[10] In such cases, however, the constitutional issue normally would be avoided by interpreting the law in a manner consistent with the constitutional guarantee. See State v. Smyth, 286 Or. 293, 296, 593 P.2d 1166 (1979); Oregon Medical Association v. Rawls, 281 Or. 293, 300, 574 P.2d 1103 (1978), and cases there cited.

[11] like ... `equal' in any constitutional formula, expressing a principle that like shall be treated alike, cannot rise beyond tautology without deciding what is alike for constitutional purposes, i.e., what are distinctions without a constitutionally permissible difference or what known forms of inequality the particular clause was meant to end...."

Tharalson v. State Dept. of Rev., 281 Or. 9, 15 n. 10, 573 P.2d 298 (1978).

[12] The court rejected such a claim asserted under the federal equal protection clause in Bailleaux v. Gladden, 230 Or. 606, 370 P.2d 722 (1962), following State v. Hicks, 213 Or. 619, 325 P.2d 794 (1958), apparently distinguishing Yick Wo v. Hopkins, 118 U.S. 356, 6 S. Ct. 1064, 30 L. Ed. 220 (1885), by the fact that Hicks and Bailleaux claimed to have been discriminated against because they were not members of a minority race. It is doubtful that those opinions could survive modern equal protection analysis, let alone article I, section 20.

[13] Cf. Jones v. Helms, ___ U.S. ___, 101 S. Ct. 2434, 69 L. Ed. 2d 118 (1981), rejecting an equal protection attack on a differential penalty law:

"The Equal Protection Clause provides a basis for challenging legislative classifications that treat one group of persons as inferior or superior to others, and for contending that general rules are being applied in an arbitrary or discriminatory way. That portion of the Georgia statute at issue in this case applies equally to all parents residing in Georgia; nothing in appellee's argument or in the record suggests that the statute has been enforced against appellee any differently than it would be enforced against anyone else who engaged in the same conduct."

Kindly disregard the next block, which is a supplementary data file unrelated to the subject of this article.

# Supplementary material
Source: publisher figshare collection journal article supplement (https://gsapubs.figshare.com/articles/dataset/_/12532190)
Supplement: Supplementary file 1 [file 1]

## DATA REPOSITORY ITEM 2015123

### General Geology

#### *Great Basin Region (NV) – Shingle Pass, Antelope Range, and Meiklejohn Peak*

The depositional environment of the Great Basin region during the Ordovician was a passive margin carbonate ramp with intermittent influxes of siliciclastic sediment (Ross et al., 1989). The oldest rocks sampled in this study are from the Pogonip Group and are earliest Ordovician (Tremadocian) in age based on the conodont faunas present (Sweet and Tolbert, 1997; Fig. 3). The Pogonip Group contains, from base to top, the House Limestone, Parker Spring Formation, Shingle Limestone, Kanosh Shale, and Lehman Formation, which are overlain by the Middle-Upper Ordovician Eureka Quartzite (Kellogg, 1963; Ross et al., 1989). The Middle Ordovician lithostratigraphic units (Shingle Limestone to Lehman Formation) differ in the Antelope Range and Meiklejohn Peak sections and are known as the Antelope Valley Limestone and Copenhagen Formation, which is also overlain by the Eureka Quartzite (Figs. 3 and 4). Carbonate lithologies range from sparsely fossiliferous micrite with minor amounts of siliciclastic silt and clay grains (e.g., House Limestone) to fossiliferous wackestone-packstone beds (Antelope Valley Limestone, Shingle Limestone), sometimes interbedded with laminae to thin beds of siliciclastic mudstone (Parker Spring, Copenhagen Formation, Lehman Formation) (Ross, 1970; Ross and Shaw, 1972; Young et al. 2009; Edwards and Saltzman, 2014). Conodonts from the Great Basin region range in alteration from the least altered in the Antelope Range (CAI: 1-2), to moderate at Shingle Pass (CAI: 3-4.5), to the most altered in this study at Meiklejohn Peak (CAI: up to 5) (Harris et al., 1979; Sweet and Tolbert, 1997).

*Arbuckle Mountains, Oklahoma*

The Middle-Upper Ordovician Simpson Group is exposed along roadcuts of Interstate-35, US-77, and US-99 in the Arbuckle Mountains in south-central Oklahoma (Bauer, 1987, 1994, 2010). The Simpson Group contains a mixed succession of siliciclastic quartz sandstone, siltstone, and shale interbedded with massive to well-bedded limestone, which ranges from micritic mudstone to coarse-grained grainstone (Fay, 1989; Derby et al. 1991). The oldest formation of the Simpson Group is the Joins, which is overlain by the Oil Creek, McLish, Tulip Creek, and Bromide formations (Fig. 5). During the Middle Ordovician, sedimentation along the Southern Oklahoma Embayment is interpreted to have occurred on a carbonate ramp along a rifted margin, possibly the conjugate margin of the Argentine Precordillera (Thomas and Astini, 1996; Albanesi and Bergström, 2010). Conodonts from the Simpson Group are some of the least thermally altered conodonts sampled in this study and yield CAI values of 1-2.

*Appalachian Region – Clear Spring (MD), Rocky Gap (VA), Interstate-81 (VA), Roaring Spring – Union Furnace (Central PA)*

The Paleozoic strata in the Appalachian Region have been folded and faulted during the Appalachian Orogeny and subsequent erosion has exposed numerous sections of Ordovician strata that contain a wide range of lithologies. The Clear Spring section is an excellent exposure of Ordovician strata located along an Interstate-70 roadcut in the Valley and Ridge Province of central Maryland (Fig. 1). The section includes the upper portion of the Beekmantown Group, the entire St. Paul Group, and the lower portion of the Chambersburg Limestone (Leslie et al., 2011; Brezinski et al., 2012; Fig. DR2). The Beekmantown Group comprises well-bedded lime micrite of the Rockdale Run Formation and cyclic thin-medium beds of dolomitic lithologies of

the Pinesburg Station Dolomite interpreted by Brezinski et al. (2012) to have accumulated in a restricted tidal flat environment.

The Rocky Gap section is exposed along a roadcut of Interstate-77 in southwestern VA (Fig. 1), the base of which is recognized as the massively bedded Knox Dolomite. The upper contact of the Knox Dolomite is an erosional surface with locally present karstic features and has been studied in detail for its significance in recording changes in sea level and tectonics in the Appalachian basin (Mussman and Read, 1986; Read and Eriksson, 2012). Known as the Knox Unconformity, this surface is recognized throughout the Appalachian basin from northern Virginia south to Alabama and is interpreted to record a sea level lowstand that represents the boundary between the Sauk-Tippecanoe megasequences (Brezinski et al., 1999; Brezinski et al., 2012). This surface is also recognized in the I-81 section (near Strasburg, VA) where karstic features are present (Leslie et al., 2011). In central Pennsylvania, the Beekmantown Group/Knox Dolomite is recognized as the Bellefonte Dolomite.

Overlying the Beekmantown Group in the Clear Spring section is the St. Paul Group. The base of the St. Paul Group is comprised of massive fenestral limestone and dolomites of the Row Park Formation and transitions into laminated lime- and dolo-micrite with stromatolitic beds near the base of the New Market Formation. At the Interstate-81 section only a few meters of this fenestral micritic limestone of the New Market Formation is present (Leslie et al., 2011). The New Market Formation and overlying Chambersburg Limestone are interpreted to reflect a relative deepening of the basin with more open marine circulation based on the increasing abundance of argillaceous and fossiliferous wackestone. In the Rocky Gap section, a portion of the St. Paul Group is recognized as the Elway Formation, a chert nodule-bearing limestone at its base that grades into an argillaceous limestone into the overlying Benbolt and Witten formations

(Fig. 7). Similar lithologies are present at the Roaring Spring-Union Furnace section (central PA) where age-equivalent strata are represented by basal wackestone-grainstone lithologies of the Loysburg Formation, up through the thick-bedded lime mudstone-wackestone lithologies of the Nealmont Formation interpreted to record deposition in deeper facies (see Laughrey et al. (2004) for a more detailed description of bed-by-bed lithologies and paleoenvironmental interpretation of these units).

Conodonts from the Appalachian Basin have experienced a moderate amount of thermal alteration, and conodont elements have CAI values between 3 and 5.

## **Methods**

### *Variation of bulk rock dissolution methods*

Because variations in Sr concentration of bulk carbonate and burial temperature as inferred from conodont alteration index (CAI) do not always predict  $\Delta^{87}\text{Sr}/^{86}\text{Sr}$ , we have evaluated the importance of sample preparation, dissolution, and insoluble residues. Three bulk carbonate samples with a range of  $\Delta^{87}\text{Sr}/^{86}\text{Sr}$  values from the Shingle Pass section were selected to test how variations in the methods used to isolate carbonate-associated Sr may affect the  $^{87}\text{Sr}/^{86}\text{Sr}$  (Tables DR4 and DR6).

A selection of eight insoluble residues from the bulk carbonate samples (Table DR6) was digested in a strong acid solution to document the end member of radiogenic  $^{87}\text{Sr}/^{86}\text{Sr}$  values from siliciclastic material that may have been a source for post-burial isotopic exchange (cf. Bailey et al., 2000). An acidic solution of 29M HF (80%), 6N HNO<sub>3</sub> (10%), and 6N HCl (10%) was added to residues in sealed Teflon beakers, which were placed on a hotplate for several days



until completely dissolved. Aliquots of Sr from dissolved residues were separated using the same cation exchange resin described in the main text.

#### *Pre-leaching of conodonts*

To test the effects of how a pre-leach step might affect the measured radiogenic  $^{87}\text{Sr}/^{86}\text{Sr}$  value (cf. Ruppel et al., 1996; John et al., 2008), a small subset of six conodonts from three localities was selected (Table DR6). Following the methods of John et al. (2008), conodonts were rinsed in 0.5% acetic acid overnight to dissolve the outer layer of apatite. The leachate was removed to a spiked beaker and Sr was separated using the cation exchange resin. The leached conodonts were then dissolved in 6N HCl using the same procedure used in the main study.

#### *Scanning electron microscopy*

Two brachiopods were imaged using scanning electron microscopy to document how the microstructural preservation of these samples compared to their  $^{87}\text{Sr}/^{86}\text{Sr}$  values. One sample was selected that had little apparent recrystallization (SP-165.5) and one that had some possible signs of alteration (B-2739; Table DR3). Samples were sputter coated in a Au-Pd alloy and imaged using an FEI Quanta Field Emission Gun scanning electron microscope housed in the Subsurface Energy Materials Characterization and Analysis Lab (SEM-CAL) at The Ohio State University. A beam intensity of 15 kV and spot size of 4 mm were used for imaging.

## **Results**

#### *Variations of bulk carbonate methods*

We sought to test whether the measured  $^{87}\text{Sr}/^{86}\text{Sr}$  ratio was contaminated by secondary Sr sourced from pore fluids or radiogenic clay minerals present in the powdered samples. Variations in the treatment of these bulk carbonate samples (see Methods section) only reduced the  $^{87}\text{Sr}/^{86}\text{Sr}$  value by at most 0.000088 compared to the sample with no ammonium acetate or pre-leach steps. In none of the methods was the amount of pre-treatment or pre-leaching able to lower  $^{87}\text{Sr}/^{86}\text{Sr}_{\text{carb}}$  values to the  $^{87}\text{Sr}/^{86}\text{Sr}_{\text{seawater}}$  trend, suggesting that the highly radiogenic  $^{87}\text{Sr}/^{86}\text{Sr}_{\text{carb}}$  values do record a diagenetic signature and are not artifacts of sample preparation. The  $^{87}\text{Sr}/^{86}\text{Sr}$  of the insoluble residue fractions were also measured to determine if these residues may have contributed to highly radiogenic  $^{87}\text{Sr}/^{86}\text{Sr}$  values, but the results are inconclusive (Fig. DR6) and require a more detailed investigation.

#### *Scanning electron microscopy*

(citing Yick Wo v. Hopkins, 118 U.S. 356, 6 S. Ct. 1064, 30 L. Ed. 220 (1886). ___ U.S. at ___, 101 S. Ct. at 2442.

[14] Moreover, defendant did not call a witness who refused to testify without immunity against later use of his testimony, nor did he otherwise show that such testimony would have been available to him. Under the circumstances, it is not apparent how the issue could be raised on a motion to dismiss the indictment.

[15] Or. Const. art. VII (orig.), § 17 provided:

"There shall be elected by districts comprised of one, or more counties, a sufficient number of prosecuting Attorneys, who shall be the law officers of the State, and of the counties within their respective districts, and shall perform such duties pertaining to the administration of Law, and general police as the Legislative Assembly may direct."

See also ORS 8.650 8.680.

[1] This court has previously held in Megdal v. Board of Commissioners, 288 Or. 293, 296, 605 P.2d 273 (1980), that:

"* * * Constitutional claims should identify the provisions of the constitution, state and federal, that the governmental action is said to contravene and should show the relevance of these provisions to the claim."

To the same effect, see Rogers v. Department of Revenue, 284 Or. 409, 412 n. 2, 587 P.2d 91 (1978), and Fifth Avenue Corp. v. Washington Co., 282 Or. 591, 594 n. 2, 581 P.2d 50 (1978). See also Linde, Without Due Process, 49 Or.L. Rev. 125, 142-43, 183 (1969).

Indeed, the majority in this case recognizes that "defendant has made no effort to show that the handling of his case violated those principles," i.e., the "principles" of Article I, Section 20 of the Oregon Constitution (slip op. p. 819).

[2] See concurring opinion in Sterling v. Cupp, 290 Or. 611, 625 P.2d 123 (1981). Cf. concurring opinions in Ore-Ida Foods, Inc. v. Indian Head Cattle Co., 290 Or. 909, 627 P.2d 469 (1981); State v. Quinn, 290 Or. 383, 623 P.2d 630 (1981); Haynes v. Burks, 290 Or. 75, 619 P.2d 632 (1980); and State v. Classen, 285 Or. 221, 590 P.2d 1198 (1979).